If you have questions about spine surgery, here are some important things to know before the surgery and what to expect during recovery time.
Spine Surgery Frequently Asked Questions
Many of the risks of spinal surgery are the same as risks for other procedures:
- General anesthesia risks
However, spinal surgery also has additional risks. An anterior approach to the spine — through the anterior neck — could cause damage to structures including the esophagus, trachea and carotid arteries.
Spinal surgery also carries risks to the spinal cord and nerve roots, and damage to those structures could cause weakness and numbness, as well as problems with the bowels and bladder.
Generally, surgeons will always choose the least invasive method possible for a surgery. However, not all surgeries — and not all spinal injuries — allow for a minimally invasive approach.
Talk to your surgeon about their preferred method of performing the surgery, and ask specifically if a minimally invasive approach is possible.
Depending on the type of surgery you have, you may feel better almost immediately. Or, it could take months before you have complete relief.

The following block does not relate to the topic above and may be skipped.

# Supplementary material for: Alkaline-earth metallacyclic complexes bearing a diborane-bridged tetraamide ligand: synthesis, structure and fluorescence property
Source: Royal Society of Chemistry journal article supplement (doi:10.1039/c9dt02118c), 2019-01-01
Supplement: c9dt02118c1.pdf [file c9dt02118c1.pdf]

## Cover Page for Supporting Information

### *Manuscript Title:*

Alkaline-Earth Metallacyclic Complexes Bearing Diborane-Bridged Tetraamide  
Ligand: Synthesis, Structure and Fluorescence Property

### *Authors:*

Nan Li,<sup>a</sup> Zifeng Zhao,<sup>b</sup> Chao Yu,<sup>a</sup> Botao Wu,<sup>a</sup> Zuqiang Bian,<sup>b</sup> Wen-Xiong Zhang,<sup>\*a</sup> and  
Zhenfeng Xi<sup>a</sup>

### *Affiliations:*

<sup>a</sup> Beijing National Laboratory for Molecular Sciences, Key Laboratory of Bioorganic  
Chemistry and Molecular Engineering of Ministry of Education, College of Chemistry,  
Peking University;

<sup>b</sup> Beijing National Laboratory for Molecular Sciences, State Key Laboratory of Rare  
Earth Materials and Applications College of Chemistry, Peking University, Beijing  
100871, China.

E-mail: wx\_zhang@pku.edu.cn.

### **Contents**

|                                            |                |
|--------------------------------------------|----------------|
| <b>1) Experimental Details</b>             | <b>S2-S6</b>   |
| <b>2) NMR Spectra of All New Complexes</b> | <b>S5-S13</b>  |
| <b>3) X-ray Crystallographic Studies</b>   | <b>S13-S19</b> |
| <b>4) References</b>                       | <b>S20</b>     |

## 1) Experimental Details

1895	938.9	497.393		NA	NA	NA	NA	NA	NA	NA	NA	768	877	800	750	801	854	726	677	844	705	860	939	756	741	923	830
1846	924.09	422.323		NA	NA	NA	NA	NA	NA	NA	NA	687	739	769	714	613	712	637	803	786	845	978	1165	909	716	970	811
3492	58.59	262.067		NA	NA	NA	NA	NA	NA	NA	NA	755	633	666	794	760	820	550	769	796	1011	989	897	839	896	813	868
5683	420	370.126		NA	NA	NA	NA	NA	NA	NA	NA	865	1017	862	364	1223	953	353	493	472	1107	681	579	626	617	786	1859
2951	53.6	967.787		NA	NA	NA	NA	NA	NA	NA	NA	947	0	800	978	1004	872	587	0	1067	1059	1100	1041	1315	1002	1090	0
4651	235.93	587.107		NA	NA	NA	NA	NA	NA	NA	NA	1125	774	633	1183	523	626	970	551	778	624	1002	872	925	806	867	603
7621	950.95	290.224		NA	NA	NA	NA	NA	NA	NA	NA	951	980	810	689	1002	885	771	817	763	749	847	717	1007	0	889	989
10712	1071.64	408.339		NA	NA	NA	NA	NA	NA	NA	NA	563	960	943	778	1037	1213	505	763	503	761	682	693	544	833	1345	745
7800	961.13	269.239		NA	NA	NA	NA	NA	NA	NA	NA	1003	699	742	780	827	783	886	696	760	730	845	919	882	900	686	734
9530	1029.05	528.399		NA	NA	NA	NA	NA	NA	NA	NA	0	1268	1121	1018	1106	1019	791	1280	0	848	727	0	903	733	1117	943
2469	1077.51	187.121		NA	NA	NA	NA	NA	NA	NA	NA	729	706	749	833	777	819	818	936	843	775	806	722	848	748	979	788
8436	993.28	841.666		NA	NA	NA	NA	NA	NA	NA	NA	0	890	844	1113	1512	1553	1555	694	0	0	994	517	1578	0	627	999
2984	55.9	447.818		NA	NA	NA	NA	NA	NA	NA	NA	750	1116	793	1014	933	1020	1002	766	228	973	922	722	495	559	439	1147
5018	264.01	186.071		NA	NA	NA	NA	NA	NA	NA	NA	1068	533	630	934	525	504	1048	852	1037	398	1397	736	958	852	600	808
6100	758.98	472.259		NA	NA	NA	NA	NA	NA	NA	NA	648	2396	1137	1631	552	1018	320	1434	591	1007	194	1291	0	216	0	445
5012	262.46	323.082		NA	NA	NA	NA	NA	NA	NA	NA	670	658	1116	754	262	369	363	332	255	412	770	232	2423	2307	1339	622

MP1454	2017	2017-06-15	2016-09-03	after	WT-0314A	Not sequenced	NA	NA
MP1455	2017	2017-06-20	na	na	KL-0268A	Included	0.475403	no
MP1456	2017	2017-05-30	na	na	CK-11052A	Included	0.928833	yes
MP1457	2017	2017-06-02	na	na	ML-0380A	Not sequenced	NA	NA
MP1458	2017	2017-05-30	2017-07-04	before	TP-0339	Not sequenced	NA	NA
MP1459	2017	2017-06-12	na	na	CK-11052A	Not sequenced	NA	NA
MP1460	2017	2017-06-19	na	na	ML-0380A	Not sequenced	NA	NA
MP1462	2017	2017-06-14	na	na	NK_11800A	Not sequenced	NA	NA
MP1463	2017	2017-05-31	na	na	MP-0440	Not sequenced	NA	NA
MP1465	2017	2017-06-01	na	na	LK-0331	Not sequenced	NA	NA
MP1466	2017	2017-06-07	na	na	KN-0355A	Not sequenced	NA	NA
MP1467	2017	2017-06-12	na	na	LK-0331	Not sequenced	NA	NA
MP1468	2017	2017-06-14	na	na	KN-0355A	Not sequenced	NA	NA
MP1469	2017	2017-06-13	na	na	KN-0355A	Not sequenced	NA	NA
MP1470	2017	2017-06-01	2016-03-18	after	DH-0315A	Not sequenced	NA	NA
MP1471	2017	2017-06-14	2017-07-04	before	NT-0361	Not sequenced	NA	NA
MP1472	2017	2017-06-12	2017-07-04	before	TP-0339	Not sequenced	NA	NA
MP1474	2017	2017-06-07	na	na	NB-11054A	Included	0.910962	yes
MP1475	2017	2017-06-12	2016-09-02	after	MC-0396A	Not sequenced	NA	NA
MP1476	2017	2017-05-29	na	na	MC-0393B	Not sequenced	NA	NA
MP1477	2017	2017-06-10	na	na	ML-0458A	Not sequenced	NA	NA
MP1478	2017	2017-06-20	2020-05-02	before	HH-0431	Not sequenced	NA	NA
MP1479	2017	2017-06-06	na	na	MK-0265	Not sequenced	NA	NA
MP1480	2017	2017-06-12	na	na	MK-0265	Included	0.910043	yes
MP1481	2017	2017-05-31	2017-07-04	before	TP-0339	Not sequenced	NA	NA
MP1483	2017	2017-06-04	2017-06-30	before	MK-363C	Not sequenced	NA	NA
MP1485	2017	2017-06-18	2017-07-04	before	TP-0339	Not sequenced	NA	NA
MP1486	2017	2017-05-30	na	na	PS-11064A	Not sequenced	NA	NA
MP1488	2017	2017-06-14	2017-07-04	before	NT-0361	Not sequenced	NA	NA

The speed of your recovery depends on the:
- Type of your surgery
- Surgeon’s approach to your spine
- Amount of damage to your spine.
Talk to your doctor about realistic expectations for recovery.
Following your surgery, you and your surgeon can discuss the most effective pain medication for you. A multimodal approach may include options such as:
- Hot and cold packs
- Patient-controlled analgesia — a pump that gives you a dose of pain medicine when you need it
- Relaxation techniques
- Transcutaneous eletrical nerve stimulation — uses small electrical impulses to block pain signals from certain nerves to the brain
As you recover from spinal surgery, your doctor may recommend:
- Wearing a back brace
- Not lifting heavy objects
- Avoiding bending at the waist
- To consult with a physical therapist as you reintroduce exercise into your routine